Raymond Burrington gave the Libertarian Party only one $25 donation while he was alive—but after his death in 2007, the party’s national committee was thrilled to learn that he had left them almost $218,000.
That delight eventually turned to dismay, because the Libertarian National Committee (LNC) still hasn’t gotten most of the money. The Federal Election Commission (FEC) ruled that the money must be doled out at a rate of about $30,000 per year—the current limit on annual donations by living persons to committees of national political parties. (This limit, which is indexed for inflation, is imposed by federal law, 2 U.S.C. § 441a(a)(1).) The rest of the money is still sitting in an escrow account.
Federal law restricts donations to different entities. For example, currently an individual can give a maximum of $2,500 to a candidate, or candidate committee, per election. For donations to national party committees—such as the LNC—the limit is $30,800 per calendar year. There is an overall biennial limit of $117,000. (For more details, see the FEC’s list of contribution limits.)
The goal of these restrictions is to reduce corruption, and to limit the disproportionate impact of rich individuals on legislative policy. By making candidates and parties rely on many smaller donors instead of fewer rich ones, the political process will be made fairer and more representative.
The Libertarian National Committee, unable to claim all of the money left it by Raymond Burrington, is suing the FEC to get immediate access to the rest of the funds. (To the LNC, it’s a significant amount of money—the LNC notes in its court papers that the sum would have nearly covered the committee’s entire operating deficit in 2008.)
The party argues that leaving money to a political party is a form of political expression, and that bequests should not be subject to the limits that apply to living donors. After all, the party says, the point of restricting donations from living persons is to reduce the distorting effect on governance that huge donations can cause. Big donors expect favorable treatment and access to elected officials, and officeholders grant favors and access in hopes of big donations.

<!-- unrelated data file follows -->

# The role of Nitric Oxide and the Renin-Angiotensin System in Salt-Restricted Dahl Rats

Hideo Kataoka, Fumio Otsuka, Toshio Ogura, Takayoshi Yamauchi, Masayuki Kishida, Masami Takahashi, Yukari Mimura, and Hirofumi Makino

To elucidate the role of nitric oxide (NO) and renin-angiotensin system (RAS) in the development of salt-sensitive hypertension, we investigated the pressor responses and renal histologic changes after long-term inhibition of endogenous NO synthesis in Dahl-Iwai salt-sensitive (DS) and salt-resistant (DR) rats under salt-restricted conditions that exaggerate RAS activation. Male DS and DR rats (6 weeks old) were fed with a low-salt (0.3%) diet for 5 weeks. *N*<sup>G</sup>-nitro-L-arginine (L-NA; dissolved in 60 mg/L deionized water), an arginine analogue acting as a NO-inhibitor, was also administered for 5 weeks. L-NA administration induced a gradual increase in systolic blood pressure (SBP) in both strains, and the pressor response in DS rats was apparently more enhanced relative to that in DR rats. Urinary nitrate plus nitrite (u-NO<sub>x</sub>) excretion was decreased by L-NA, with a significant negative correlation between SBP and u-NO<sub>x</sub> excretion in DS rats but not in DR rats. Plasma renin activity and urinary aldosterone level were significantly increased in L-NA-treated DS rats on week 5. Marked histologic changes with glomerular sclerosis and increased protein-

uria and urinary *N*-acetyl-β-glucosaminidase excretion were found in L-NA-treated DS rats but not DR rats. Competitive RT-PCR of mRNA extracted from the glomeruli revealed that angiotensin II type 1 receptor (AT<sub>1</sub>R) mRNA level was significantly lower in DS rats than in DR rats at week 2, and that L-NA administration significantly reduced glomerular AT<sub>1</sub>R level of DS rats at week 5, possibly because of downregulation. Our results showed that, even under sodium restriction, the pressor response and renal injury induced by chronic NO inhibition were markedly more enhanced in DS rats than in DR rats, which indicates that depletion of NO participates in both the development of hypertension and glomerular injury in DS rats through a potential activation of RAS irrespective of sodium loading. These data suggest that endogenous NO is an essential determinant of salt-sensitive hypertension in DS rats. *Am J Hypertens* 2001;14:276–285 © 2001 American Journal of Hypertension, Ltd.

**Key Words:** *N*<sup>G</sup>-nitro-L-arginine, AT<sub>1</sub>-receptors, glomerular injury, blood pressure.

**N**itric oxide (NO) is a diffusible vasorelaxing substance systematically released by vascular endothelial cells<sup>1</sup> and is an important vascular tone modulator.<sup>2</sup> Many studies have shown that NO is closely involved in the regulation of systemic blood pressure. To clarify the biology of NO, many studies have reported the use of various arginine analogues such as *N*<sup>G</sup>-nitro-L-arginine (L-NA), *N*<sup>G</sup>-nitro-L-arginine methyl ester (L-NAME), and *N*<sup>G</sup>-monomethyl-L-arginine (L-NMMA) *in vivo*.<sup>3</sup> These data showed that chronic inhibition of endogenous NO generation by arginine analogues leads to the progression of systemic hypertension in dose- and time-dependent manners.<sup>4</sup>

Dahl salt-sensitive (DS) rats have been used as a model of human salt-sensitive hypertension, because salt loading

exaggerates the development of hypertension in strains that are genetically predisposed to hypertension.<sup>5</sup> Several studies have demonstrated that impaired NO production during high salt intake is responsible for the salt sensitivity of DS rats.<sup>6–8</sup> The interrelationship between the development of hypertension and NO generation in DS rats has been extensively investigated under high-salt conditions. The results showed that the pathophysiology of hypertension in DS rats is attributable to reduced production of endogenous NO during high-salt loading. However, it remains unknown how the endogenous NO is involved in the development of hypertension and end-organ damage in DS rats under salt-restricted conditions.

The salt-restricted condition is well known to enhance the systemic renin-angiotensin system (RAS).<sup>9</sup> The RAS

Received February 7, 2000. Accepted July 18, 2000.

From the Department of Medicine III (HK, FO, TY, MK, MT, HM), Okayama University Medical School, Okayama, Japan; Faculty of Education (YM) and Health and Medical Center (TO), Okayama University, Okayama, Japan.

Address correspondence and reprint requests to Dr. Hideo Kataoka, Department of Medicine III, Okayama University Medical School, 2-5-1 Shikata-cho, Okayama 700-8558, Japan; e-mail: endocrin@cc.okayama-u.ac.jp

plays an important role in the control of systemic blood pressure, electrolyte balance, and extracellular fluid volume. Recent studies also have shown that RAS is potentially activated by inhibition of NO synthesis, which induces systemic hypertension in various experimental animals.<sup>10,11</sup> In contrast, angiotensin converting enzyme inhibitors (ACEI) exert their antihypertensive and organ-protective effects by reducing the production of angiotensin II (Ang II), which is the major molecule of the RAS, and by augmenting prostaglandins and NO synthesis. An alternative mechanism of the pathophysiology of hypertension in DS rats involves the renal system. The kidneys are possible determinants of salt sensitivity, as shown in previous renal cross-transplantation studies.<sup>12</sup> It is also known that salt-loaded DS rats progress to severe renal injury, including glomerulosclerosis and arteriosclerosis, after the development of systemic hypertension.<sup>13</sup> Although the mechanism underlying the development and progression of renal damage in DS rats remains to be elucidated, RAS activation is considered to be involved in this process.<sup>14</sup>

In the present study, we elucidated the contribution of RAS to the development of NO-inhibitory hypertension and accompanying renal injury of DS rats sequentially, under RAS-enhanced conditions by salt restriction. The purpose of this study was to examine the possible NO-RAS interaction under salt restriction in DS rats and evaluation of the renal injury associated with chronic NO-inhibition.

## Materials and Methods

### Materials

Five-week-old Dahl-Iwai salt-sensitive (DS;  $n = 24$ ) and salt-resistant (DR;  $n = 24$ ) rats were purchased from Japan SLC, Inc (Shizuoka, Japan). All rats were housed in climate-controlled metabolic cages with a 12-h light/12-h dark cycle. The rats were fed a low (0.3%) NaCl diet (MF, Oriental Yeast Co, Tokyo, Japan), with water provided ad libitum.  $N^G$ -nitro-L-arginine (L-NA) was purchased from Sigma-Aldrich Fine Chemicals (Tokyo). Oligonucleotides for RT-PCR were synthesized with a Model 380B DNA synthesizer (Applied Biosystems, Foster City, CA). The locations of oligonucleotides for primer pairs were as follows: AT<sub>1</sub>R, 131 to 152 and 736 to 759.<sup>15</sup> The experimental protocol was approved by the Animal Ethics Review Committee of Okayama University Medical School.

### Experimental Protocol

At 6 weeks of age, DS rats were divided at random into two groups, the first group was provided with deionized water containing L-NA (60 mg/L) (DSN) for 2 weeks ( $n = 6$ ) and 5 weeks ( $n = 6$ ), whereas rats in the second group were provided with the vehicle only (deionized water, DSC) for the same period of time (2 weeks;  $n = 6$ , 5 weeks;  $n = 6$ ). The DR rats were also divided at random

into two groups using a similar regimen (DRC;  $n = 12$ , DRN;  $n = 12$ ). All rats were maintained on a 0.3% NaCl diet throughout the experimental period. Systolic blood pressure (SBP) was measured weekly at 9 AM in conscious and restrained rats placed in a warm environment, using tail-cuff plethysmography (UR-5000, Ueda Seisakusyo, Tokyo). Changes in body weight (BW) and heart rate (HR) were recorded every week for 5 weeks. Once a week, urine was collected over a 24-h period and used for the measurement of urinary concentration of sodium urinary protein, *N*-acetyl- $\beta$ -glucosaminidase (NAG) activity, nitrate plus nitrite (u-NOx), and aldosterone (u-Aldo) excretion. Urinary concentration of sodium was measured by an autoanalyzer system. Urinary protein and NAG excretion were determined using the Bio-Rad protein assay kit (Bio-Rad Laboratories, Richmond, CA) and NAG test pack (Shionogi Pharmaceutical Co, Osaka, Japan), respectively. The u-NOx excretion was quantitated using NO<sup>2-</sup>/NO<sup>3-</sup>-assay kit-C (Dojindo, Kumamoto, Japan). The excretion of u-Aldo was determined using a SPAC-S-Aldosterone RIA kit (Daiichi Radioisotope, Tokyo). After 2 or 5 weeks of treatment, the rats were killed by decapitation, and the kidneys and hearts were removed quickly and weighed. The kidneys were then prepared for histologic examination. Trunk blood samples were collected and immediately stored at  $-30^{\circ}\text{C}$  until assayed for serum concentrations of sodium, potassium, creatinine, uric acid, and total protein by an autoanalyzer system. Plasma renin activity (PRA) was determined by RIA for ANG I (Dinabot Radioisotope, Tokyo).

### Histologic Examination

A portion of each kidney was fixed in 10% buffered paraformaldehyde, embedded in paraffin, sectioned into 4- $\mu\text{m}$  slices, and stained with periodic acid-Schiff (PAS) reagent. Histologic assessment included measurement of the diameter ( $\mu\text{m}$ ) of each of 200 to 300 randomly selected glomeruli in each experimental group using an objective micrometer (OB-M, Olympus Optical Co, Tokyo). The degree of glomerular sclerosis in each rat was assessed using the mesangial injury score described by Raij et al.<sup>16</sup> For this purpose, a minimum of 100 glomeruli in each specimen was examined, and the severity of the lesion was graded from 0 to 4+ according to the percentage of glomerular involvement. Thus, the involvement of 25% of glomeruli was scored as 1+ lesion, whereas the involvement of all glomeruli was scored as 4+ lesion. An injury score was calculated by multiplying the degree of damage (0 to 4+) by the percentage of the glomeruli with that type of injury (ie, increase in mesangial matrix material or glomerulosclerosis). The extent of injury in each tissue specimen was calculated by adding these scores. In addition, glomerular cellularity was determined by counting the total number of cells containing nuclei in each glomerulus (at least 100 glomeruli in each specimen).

None of those risks apply when someone leaves a bequest to a political party, according to documents the LNC has filed in federal court. Because people don’t know when they will die, they don’t know when their gift will actually be made and may not know (depending on the terms of the bequest) which candidates might benefit from their generosity. Mr. Burrington made his will in 2000, seven years before his death; the LNC didn’t know about his bequest until after he had died. And a party doesn’t need to worry about offending a deceased donor. (“The Libertarian Party does not associate with the dead and does not maintain deceased members,” it somberly asserts in a federal court filing.)
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The FEC, however, isn’t buying all of the LNC’s arguments. It points out in its own court papers that if someone bequeathed the party enough money to qualify as a “major donor,” a family member of the deceased contributor could take that person’s place in one of the party’s major donor groups, which could confer preferential access to federal candidates. Similarly, a political party could solicit “planned gifts”—that is, it could encourage donors to remember the party generously in their wills or trusts—in return for preferential treatment.
Many people, like Raymond Burrington, make much larger gifts to political parties at their death than when they are alive. If you plan on using your will or trust to leave your favorite political party a gift that exceeds current annual campaign donation limits, make sure you know how—and when—it can be used.